I hope that I have shown in previous posts that free standing orbital colonies are feasible for life, can be protected from radiation and meteorites, and the resources for them are available in the inner solar system. Even given that, the objection will be made that the cost of building such massive megastructures would be prohibitive.
Well, I have had a go at working out the cost of a big habitat, which has 2 cylinders each of 3km radius, 10kms long, with two assumptions for population: at 500/sq.km a total of 188,000, and at 376,000 at 1000/sq.km. To do so I have had to make some “heroic” assumptions, especially about raw material costs. The numbers are thus more “national park” than even “ball park”. Of course in practice the method of construction and the unit costs will not be what I have assumed; however it is to give an order of magnitude.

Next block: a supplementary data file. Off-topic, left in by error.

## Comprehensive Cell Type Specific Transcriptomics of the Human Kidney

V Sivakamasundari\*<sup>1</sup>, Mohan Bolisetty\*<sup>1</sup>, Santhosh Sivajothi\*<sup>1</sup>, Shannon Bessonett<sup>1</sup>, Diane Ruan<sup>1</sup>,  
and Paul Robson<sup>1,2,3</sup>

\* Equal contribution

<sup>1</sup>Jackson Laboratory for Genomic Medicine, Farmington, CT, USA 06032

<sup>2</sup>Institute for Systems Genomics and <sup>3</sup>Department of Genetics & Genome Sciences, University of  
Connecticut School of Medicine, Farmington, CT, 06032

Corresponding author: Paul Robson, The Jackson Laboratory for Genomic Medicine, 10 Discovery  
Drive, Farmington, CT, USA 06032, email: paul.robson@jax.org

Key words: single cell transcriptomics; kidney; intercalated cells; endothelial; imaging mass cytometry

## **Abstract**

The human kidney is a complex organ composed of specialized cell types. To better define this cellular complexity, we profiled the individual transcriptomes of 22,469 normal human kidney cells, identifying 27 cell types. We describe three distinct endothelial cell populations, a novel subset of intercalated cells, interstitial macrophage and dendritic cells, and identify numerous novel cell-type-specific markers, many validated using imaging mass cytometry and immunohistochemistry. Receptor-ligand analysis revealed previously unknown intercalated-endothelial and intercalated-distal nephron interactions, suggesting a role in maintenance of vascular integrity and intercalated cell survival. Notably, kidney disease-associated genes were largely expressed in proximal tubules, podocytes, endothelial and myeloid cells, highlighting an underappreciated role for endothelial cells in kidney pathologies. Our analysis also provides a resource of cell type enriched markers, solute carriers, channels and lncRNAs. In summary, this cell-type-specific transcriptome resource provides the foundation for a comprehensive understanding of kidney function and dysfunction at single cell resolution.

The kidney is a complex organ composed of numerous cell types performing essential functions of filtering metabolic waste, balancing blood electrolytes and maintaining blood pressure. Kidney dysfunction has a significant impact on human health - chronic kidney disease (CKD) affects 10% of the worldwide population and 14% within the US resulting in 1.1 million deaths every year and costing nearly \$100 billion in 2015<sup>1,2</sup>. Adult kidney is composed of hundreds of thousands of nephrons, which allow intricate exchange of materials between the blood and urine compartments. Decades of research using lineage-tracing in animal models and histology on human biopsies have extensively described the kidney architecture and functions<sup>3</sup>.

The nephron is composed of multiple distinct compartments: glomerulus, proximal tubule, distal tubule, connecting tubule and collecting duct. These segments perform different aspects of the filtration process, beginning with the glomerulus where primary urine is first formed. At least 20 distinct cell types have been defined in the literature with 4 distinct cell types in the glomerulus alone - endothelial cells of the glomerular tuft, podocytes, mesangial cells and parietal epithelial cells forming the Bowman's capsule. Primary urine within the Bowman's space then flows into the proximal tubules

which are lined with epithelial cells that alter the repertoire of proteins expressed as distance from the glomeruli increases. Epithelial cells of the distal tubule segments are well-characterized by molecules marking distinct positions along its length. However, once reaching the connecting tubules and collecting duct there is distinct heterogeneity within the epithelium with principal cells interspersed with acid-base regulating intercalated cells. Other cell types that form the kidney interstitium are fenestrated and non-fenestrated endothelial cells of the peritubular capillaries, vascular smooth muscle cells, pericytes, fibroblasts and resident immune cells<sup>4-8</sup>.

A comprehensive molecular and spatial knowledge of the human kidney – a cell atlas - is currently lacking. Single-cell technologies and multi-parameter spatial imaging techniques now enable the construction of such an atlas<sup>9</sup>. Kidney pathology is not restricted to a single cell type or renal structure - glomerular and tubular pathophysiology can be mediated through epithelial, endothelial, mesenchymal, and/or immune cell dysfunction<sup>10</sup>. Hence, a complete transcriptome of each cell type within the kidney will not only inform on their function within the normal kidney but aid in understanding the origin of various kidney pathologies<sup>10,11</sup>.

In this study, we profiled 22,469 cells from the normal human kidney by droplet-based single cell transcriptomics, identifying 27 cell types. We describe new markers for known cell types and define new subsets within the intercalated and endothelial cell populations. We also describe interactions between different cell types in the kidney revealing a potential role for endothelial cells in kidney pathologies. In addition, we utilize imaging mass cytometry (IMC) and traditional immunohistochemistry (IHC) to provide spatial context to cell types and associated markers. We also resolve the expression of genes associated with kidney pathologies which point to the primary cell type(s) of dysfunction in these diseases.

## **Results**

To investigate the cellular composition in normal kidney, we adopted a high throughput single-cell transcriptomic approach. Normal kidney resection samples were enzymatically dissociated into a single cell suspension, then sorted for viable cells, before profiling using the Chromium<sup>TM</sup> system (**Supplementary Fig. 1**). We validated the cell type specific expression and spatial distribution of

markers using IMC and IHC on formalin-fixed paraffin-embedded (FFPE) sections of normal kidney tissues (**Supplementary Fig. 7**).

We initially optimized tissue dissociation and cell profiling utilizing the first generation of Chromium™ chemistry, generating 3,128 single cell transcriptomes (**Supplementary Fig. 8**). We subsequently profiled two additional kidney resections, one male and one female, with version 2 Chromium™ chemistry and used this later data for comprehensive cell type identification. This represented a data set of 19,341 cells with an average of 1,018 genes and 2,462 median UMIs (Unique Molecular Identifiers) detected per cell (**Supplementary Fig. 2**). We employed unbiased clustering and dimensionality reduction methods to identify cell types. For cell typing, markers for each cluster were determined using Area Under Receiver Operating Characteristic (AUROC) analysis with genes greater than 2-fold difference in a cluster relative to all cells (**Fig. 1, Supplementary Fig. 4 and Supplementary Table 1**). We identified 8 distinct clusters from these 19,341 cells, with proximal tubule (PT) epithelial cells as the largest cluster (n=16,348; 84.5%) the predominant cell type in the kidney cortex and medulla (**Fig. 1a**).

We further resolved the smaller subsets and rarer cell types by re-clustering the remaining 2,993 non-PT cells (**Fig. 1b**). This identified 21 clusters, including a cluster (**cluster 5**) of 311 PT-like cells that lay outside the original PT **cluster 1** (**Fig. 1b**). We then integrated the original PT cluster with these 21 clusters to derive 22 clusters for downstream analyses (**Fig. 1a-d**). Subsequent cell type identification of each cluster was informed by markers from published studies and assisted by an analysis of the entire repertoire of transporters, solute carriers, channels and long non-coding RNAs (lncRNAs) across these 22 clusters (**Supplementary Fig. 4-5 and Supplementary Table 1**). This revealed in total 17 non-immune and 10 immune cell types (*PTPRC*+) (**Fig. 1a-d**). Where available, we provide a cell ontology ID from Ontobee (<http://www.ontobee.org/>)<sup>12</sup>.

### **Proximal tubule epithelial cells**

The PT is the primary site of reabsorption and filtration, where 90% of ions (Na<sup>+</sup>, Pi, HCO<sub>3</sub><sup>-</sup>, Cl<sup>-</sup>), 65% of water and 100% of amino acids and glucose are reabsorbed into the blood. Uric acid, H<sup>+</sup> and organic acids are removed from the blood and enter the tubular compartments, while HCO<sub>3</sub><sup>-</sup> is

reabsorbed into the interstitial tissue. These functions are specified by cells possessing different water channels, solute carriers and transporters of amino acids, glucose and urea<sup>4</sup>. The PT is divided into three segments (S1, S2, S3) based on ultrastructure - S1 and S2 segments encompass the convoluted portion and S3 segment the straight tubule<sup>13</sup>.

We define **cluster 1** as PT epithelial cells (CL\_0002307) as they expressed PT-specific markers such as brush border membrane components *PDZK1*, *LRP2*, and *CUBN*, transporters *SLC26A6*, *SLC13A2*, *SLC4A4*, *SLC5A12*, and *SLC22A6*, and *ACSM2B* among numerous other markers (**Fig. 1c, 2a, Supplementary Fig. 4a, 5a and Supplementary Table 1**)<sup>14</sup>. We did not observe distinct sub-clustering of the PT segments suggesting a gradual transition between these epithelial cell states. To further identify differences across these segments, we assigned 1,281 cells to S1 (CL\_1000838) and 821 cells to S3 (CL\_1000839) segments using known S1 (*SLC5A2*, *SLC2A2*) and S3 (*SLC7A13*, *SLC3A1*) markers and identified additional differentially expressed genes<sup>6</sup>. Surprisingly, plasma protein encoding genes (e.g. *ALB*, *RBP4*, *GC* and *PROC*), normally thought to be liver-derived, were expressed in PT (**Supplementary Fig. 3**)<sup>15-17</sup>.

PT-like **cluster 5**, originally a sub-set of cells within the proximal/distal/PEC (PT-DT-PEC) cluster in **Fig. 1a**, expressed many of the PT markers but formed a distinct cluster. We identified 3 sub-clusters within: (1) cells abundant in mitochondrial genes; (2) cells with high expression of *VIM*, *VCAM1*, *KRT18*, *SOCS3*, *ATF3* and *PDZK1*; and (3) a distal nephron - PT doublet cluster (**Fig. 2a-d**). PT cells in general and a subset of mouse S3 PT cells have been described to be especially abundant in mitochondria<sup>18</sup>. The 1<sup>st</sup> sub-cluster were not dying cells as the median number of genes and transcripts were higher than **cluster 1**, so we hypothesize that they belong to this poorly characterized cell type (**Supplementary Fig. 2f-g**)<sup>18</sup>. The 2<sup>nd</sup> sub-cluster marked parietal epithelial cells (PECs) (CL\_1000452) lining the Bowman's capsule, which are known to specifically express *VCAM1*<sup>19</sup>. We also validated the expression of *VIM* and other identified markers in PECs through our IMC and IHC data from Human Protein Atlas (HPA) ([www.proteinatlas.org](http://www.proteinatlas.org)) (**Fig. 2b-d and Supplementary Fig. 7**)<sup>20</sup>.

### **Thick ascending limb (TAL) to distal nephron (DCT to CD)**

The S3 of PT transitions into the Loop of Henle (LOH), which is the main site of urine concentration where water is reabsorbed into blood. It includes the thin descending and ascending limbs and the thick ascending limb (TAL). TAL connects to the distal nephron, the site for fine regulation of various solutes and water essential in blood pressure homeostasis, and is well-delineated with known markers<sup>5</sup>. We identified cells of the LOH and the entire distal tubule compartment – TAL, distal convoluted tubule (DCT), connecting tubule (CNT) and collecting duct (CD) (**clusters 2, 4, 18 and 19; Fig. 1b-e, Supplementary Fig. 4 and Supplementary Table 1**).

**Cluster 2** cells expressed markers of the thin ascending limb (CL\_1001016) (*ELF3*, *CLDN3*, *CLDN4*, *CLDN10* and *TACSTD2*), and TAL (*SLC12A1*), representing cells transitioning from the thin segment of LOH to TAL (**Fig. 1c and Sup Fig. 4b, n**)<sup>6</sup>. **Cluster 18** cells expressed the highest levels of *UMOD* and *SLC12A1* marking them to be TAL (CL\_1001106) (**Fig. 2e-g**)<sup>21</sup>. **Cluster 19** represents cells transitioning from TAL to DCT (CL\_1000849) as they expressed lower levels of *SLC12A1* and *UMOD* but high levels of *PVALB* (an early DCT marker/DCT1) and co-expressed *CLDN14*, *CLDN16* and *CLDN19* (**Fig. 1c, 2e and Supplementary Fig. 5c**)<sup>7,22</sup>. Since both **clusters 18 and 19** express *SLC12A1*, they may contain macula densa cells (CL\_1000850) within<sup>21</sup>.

I have compared the construction cost per inhabitant with the installed total capital cost per inhabitant in a developed country, consisting of productive plant and constructions, infrastructure, and including the value of residences and non-residential land (this is appropriate, as the habitat builds the land). For the USA this works out at about $250K per inhabitant, and for the UK $200-220K, depending on the exchange rate. If the habitat cost is a large multiple of this it may be prohibitive, a low multiple may be doable.
For reasons I will explain later, I have done two calculations. One is a simple cylinder completely filled with air. The other is an “annular cylinder” with an inner surface 300 m within the outer shell acting as a roof, and only the living space between inner and outer shells is filled with air (doubtless one could paint the roof sky blue, and add fluffy white clouds…). The assumptions about the construction of the annular cylinder variant are shown in the diagram below, and explained further and costed in the next post.
Getting Around in Space
Assumptions on cost calculations